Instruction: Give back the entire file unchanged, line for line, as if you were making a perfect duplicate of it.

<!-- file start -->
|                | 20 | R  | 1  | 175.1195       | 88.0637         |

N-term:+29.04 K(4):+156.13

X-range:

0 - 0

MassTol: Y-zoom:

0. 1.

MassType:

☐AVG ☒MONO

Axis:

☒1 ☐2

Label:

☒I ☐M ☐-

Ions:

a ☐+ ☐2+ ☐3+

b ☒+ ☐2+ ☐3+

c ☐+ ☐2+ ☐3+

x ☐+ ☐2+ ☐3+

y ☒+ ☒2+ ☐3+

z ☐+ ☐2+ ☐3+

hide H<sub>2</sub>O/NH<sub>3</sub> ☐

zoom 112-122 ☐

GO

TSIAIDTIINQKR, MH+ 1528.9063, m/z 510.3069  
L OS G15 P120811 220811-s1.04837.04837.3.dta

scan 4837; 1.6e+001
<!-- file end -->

|                | 20 | R  | 1  | 175.1195       | 88.0637         |

N-term:+29.04 K(4):+156.13

X-range:

0 - 0

MassTol: Y-zoom:

0. 1.

MassType:

☐AVG ☒MONO

Axis:

☒1 ☐2

Label:

☒I ☐M ☐-

Ions:

a ☐+ ☐2+ ☐3+

b ☒+ ☐2+ ☐3+

c ☐+ ☐2+ ☐3+

x ☐+ ☐2+ ☐3+

y ☒+ ☒2+ ☐3+

z ☐+ ☐2+ ☐3+

hide H<sub>2</sub>O/NH<sub>3</sub> ☐

zoom 112-122 ☐

GO

TSIAIDTIINQKR, MH+ 1528.9063, m/z 510.3069  
L OS G15 P120811 220811-s1.04837.04837.3.dta

scan 4837; 1.6e+001